And yet, the freedom advocated for by Peter Mortlock, the sort of freedom that is concerned with people attending a church building, or one’s ability to go on lavish and luxury holiday’s overseas, stands in stark contrast to the freedom that we find in the scriptures. As also does the notion of freedom that saw thousands of people join Brian Tamaki in protest in Tāmaki Makaurau, during a Level 3 lockdown, directly putting the lives of our vulnerable whānau at risk in.
Some have named this sacrifice worth it. That fighting for our freedom, standing up for our rights, is worth the sacrifice, no matter what it takes. In light of the charges brought against him, Brian Tamaki said something similar. “What price do you put on your personal Freedoms?” he asked. “If any true democracy loving caring NZer … value their Freedoms (sic) and the Freedoms of their children’s children, you should never be angry at people who want to recover what’s priceless and beyond value, and protect them.”
I guess this is what it comes down to.
What is priceless and beyond value?
Your ability to get up in the morning, go where you want, travel overseas, attend a church building?
Or the lives of your children? Our nieces? Our nephews?
The lives of our whānau living on our streets today?
The lives of our elderly, our koro and kuia? Or perhaps our disabled whānau, those with pre-existing conditions, who without Covid have the oppurtunity to live long and meaningful lives?
For follower’s of Jesus, freedom bows down to Love. Love for neighbour, Love for the marginalized, for the weak, vulnerable, and oppressed. In contrast to the vision the Mortlocks and Tamaki’s have laid for us, Christ lays out a vision of freedom that involves sacrifice. A freedom that involves becoming a slave to Love, willing to sacrifice one’s own needs and desires, in order to Love our neighbour, as we would Love ourselves.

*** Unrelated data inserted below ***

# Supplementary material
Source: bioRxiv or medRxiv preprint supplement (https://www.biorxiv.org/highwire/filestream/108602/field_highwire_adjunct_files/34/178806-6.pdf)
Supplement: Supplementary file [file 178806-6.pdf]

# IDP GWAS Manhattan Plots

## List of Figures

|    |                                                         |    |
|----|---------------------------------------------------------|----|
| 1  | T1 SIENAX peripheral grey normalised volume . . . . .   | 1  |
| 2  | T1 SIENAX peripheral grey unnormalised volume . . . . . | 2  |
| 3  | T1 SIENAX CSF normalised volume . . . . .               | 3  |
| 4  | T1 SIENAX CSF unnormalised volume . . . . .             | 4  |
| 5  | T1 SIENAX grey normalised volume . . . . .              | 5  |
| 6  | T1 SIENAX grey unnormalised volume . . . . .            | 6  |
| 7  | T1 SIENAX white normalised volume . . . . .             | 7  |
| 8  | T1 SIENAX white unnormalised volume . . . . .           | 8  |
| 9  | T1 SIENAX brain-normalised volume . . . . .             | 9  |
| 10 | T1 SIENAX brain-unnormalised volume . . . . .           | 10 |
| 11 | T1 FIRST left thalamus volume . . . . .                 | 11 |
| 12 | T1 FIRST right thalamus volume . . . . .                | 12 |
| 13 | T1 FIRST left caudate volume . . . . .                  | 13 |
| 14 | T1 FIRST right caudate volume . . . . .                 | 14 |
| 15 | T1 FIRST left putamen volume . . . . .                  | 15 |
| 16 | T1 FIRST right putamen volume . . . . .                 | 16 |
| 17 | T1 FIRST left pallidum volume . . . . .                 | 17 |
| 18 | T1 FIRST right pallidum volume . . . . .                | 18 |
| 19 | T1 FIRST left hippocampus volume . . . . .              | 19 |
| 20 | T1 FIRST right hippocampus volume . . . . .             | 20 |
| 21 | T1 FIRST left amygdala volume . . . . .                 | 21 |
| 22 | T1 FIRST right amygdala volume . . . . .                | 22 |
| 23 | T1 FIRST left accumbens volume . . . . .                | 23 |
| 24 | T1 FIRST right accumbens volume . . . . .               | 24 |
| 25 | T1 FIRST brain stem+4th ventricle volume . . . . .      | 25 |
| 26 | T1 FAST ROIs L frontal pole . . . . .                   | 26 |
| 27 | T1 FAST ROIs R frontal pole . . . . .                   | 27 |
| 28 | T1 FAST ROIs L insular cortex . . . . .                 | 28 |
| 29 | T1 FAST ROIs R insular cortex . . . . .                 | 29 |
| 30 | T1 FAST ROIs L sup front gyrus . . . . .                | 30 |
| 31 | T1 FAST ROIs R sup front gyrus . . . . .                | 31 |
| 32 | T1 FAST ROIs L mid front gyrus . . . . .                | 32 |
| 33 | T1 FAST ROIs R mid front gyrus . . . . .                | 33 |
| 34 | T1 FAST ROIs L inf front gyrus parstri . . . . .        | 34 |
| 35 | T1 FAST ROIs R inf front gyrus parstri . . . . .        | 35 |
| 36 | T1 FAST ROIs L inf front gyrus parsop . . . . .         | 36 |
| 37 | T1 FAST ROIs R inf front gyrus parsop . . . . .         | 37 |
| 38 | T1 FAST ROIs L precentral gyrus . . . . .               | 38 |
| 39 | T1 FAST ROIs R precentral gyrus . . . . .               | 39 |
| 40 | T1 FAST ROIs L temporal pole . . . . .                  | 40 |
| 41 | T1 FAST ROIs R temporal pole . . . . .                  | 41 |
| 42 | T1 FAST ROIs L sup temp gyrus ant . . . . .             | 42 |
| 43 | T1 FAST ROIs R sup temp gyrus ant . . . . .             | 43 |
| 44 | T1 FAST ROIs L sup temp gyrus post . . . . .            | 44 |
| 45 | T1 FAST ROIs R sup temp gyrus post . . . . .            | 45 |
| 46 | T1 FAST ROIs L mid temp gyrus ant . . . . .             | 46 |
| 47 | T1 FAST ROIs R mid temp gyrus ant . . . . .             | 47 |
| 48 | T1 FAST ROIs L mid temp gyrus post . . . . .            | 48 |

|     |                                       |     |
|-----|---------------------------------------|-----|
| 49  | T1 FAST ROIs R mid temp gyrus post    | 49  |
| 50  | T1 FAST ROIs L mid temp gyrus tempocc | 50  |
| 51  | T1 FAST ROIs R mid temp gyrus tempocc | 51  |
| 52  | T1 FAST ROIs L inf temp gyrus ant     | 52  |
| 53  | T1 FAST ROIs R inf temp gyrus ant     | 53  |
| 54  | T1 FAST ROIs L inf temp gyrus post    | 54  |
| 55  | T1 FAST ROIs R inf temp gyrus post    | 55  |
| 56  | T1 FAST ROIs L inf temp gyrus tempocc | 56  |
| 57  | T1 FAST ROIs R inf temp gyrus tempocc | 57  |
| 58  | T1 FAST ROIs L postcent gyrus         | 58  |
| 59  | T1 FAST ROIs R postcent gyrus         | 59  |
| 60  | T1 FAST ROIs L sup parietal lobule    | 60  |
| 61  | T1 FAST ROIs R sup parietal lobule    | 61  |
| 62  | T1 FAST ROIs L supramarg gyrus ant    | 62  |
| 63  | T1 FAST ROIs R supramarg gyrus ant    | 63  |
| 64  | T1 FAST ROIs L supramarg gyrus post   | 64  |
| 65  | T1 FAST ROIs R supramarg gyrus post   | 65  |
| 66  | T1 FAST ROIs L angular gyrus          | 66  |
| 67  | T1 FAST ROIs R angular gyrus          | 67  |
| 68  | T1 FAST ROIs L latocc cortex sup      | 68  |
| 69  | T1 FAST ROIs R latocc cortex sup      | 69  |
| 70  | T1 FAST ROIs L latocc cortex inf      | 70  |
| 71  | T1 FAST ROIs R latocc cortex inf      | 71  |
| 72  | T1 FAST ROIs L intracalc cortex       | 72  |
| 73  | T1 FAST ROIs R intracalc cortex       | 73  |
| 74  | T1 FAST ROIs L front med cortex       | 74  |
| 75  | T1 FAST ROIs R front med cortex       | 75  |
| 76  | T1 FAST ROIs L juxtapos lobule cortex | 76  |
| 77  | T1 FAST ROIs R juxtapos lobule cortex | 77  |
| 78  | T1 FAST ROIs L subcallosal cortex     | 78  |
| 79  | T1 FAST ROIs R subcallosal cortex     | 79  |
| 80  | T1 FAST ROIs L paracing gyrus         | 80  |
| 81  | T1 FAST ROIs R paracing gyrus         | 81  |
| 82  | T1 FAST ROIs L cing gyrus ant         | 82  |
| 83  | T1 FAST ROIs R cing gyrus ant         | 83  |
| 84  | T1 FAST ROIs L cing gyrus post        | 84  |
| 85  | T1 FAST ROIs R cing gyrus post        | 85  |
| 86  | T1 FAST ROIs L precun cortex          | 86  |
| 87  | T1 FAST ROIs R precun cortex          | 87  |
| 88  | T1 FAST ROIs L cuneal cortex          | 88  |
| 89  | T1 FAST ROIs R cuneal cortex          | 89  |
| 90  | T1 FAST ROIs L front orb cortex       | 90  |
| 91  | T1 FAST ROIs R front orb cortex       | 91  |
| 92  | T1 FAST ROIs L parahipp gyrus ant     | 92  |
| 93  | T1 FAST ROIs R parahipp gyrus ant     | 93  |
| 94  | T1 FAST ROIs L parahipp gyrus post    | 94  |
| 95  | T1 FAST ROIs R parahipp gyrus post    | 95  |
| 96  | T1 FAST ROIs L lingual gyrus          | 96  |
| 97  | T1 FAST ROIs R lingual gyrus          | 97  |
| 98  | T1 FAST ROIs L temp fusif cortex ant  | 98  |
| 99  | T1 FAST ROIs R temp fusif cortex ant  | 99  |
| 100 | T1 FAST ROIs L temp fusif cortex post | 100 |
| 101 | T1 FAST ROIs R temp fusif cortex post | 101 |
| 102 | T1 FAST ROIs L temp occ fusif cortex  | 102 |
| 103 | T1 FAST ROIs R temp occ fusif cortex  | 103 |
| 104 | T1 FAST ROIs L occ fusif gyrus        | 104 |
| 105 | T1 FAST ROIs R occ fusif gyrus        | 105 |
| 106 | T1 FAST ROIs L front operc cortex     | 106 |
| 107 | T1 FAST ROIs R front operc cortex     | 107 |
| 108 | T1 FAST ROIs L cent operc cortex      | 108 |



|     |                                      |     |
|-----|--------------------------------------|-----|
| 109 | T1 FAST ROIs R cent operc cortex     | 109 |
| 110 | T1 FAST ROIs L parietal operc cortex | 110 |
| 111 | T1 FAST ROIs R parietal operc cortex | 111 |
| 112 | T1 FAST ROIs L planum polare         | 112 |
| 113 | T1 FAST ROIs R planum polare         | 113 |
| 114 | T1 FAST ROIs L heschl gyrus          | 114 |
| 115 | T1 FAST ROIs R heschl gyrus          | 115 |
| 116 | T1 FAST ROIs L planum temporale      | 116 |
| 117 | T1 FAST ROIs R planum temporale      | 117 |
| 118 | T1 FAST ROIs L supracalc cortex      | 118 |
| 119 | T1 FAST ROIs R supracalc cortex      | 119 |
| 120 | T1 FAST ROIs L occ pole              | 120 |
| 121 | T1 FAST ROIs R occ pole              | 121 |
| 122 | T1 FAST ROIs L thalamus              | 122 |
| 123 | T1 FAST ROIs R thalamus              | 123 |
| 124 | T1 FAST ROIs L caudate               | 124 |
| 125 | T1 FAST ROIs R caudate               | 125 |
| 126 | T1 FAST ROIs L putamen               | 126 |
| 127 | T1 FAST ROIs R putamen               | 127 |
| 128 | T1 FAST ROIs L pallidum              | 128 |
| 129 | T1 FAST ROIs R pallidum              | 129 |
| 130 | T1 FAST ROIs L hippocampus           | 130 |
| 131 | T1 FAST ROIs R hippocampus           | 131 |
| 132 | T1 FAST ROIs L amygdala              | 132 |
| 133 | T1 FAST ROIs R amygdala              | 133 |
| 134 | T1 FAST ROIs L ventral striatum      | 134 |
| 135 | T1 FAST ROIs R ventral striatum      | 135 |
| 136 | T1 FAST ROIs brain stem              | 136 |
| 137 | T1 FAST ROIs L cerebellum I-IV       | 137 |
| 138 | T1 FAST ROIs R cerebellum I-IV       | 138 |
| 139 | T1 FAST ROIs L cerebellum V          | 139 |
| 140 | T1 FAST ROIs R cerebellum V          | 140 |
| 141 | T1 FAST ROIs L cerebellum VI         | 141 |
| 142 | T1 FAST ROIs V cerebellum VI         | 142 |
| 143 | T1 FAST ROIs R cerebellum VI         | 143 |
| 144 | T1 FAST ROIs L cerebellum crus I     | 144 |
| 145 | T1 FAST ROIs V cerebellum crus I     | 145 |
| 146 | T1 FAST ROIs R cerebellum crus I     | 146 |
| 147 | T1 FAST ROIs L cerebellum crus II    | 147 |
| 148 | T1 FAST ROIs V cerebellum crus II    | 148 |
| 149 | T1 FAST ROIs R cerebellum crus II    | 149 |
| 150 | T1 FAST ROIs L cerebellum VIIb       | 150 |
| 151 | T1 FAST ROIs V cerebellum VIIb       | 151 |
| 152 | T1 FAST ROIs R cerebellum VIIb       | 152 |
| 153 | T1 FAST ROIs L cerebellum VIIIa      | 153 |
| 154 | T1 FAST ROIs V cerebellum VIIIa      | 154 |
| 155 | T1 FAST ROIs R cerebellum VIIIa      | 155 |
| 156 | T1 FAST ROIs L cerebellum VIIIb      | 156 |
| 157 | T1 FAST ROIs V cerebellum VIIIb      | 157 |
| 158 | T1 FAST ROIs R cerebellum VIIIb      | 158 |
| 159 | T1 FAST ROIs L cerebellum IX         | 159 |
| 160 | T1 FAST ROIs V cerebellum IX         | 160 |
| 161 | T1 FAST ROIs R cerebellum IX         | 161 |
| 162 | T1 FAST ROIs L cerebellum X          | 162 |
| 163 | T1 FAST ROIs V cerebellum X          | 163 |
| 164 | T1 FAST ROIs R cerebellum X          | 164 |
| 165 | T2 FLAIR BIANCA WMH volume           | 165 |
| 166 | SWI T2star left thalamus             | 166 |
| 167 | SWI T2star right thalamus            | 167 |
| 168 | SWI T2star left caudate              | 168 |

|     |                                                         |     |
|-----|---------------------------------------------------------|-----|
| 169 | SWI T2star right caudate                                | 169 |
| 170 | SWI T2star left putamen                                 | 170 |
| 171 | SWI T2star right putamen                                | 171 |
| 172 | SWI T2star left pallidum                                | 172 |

And so, for the Christian, lockdowns, vaccines, public health measures, these do not deny us our freedoms.
They provide us with the oppurtunity to exercise them.
To sacrifice our own needs and desires, in order to serve our community, in order to protect those who cannot protect themselves, in order to Love.
A.J. Hendry is a Laidlaw College graduate, and now a Youth Development Worker and housing advocate, working in the Youth Housing and Homelessness space. He leads a service supporting rangatahi experiencing homelessness and is also a an advocate working collectively to end youth homelessness in Aotearoa. He is also the curator and creator of When Lambs Are Silent.
3 thoughts on “Is Brian Tamaki, right? Is protecting our Freedom’s more urgent than stopping this virus? / A.J. Hendry”
Kia ora A.J. this is a well-written article that resonates with many of my own thoughts. However, I feel I need to point out to you your incorrect use of apostrophes! I’m not just doing this to be a corrector, but because I think your article deserves to be presented in the best possible light, without the distraction of incorrect punctuation. I would be very happy to edit them out for you!
Beware the teachings of Brian Tamaki, he is a false prophet.
“But false prophets also arose among the people, just as there will be false teachers among you, who will secretly bring in destructive heresies, even denying the Master who bought them, bringing upon themselves swift destruction. And many will follow their licentiousness, and because of them, the way of truth will be reviled. And in their greed they will exploit you with false words; from of old their condemnation has not been idle, and their destruction has not been asleep.” (2 Peter 2:1–3)